By comparison, “Seventh Son” feels relatively complete. There’s also some world-building, but nothing as ambitious. We’re essentially in a land that looks like medieval England, but with significantly more witches and dragons. In this particular mythology, the seventh sons of seventh sons (which demonstrates the insufficiency of the title) are somehow gifted with strength and capability that makes them suited to be trained to combat dark witches. Thomas Ward (Ben Barnes) is one such seventh seventh, and finds himself apprenticed to (actually purchased by) legendary ‘Spook’ Master Gregory (Jeff Bridges), who is apparently the last of his kind with a storied record of dead previous apprentices.
The primary problem in all of this is that it’s so stunningly ordinary and familiar. It’s hard to even corral all the films and stories it seems to borrow from and the combination of the timing and casting doesn’t help as it ends up feeling like some kind of “The Eragon Giver’s Apprentice” mashup – and those films already felt derivative.
I knew nothing about the source material and, unlike “Jupiter Ascending” which is an original if also somewhat familiar screenplay, “Seventh Son” is based on the first in a long series of books. The first of these was titled “The Spook’s Apprentice” in the United Kingdom and retitled “The last Apprentice: Revenge of the Witch” for the American market. In reading a plot synopsis (thanks Wikipedia), the most notable change in the adaptation is that Tom Ward, who is played by 33 year old actor Ben Barnes in the film, is only 12 years old in the book. There also appear to be numerous other quite substantial changes that convert a fairly simple story about trickery into a grand attempt at a CGI creature feature.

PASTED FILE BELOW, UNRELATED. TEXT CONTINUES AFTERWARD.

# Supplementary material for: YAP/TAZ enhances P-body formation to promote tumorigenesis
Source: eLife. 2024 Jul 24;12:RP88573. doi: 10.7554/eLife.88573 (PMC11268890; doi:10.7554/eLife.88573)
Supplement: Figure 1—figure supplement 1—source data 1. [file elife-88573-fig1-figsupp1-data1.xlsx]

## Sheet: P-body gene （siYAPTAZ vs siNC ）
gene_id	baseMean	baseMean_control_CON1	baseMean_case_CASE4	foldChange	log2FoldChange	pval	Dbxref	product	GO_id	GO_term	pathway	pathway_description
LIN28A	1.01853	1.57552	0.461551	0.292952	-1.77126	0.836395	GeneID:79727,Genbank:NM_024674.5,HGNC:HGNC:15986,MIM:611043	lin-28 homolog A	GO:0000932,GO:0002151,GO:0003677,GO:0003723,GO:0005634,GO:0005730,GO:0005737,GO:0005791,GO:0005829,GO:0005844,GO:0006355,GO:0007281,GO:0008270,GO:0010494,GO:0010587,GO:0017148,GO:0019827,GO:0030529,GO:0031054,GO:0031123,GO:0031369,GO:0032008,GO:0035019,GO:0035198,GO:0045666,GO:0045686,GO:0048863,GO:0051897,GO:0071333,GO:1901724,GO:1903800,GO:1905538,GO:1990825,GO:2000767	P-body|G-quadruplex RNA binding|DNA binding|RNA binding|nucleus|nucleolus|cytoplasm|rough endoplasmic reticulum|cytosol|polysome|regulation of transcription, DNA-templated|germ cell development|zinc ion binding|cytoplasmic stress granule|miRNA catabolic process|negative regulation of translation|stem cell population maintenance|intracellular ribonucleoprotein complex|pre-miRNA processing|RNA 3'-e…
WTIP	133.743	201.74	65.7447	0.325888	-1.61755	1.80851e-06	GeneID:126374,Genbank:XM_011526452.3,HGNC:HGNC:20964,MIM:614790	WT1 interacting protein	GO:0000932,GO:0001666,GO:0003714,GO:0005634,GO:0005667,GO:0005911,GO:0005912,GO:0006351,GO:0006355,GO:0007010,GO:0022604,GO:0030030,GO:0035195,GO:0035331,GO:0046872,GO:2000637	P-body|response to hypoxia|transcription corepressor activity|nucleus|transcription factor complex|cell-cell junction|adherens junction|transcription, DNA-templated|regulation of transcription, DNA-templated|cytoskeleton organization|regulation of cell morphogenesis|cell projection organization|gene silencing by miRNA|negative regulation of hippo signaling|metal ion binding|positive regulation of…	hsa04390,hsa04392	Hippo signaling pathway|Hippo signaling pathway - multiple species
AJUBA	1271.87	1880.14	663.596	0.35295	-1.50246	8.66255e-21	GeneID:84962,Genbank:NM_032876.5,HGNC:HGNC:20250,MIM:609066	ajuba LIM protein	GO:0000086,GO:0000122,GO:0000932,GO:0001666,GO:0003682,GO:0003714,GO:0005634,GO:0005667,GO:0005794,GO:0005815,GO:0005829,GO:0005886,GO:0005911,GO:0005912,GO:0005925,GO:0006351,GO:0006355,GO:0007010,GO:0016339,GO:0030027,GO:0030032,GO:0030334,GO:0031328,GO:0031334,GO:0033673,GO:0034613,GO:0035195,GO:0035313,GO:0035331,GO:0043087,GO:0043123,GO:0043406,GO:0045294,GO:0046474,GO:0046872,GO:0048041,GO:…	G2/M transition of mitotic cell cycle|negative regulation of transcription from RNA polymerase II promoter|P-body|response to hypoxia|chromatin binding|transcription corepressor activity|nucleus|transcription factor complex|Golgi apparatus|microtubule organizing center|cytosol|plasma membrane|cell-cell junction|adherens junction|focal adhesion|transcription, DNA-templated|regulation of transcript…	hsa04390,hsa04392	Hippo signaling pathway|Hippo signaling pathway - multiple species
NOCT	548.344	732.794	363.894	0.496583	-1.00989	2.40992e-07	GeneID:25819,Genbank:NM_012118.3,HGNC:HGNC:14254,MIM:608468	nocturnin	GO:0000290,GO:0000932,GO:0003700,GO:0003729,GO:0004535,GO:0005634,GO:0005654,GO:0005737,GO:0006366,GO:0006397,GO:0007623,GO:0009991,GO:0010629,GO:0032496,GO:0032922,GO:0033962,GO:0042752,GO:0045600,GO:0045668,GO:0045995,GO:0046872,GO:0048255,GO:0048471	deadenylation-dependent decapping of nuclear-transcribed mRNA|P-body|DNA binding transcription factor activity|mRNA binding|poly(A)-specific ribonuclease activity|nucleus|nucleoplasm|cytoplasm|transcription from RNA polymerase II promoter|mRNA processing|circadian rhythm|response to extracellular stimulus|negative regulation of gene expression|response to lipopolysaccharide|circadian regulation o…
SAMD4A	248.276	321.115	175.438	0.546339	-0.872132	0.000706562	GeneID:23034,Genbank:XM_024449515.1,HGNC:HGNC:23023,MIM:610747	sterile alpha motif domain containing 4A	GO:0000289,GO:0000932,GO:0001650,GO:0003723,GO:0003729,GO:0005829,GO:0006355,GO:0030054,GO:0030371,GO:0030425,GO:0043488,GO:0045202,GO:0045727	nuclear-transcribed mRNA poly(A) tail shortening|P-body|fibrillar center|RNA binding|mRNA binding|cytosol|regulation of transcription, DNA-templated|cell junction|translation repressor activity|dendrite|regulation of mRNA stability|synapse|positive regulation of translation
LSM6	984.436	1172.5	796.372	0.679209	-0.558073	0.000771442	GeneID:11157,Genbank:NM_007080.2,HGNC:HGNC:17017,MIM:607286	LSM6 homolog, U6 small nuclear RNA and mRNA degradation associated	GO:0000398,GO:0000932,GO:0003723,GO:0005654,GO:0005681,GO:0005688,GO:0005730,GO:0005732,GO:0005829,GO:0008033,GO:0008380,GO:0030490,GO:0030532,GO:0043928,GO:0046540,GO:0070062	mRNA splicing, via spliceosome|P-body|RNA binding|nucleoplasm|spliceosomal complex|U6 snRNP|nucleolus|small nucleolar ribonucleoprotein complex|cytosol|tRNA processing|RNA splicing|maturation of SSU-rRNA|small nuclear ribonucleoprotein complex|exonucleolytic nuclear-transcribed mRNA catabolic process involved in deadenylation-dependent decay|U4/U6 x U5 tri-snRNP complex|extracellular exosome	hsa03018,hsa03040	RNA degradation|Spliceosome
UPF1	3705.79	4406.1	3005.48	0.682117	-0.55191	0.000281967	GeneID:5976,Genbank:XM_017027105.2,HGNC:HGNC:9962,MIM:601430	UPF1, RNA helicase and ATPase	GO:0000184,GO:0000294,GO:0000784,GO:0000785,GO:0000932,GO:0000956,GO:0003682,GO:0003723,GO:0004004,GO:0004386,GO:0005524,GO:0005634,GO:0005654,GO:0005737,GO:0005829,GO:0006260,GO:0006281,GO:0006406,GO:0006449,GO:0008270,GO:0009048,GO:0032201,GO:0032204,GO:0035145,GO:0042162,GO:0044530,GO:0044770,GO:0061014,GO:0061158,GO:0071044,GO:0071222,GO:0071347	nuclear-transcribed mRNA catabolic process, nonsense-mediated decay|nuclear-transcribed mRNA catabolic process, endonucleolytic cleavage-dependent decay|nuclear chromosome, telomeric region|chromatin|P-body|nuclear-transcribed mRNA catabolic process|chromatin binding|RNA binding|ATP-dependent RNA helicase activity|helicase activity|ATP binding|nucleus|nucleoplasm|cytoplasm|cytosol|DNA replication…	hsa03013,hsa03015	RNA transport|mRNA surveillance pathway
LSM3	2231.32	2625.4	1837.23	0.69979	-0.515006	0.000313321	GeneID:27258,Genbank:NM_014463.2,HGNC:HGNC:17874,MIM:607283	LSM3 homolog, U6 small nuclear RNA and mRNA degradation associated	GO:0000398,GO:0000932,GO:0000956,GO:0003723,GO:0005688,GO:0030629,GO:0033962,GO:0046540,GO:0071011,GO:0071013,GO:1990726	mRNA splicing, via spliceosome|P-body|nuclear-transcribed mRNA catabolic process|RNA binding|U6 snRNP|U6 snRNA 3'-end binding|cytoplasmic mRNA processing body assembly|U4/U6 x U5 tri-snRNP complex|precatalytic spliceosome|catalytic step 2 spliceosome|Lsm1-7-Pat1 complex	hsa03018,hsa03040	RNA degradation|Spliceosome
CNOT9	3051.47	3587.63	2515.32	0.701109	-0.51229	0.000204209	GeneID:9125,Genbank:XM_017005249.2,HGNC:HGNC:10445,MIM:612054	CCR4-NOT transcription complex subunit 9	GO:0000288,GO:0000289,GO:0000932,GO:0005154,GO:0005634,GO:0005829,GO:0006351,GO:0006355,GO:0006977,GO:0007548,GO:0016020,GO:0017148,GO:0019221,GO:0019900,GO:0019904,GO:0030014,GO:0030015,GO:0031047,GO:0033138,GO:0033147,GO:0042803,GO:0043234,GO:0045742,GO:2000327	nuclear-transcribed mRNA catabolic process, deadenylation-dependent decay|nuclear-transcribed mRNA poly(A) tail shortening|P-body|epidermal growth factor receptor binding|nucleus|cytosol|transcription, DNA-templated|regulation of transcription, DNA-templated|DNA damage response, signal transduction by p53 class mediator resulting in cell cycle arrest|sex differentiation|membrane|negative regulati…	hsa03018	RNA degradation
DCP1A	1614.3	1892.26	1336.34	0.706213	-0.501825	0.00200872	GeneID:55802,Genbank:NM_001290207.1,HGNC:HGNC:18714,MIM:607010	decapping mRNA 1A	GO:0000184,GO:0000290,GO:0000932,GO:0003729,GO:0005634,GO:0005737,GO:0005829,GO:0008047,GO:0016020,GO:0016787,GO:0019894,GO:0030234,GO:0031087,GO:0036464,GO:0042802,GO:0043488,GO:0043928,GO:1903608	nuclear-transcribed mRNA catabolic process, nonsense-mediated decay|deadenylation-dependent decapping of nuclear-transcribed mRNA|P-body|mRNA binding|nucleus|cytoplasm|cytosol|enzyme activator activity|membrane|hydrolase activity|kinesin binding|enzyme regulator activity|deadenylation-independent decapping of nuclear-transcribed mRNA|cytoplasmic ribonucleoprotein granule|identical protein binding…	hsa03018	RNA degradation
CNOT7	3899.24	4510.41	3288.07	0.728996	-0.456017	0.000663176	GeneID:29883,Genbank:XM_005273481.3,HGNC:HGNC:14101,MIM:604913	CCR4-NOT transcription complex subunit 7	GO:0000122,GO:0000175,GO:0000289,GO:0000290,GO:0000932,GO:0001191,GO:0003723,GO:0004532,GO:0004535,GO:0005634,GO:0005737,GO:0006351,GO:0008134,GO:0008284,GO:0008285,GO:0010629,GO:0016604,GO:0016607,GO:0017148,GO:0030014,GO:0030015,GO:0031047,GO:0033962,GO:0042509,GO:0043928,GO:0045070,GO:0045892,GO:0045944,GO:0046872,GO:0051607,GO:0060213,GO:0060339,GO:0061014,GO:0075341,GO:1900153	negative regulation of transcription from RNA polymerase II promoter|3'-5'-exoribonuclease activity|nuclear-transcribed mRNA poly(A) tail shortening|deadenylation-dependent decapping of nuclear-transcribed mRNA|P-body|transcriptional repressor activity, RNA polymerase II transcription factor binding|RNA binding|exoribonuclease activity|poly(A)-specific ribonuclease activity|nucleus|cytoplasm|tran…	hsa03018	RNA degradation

However, it’s the age of the central character that seems both most surprising and most disappointing. Perhaps there’s some trepidation after seeing the success of the Harry Potter series but the collapse of the Percy Jackson films that makes building a franchise around a young boy seem like a huge crapshoot – but that’s standard for the industry as a whole. And there’s always the risk of being labeled a copycat project, but “Seventh Son” hasn’t dodged that bullet either, feeling like a copy of a copy like “Eragon.” So a story that might actually have had some sense of wide-eyed wonder and excitement, as well as the improbability of a small boy fighting withes and monsters, just ends up feeling either unremarkable or remarkably ordinary with a grown man doing all of those same things.
There’s also another factor that comes into play with the character of Tom Ward that makes his abilities supposedly even greater – but which also make the longevity of the witch fighting order of knights seem even more in jeopardy. It’s one thing to have the order’s lore maintained by a knowledgeable teacher, it’s another thing to have the lore practiced by one who comes to the skillset somewhat naturally and who may or may not be good at passing that knowledge along.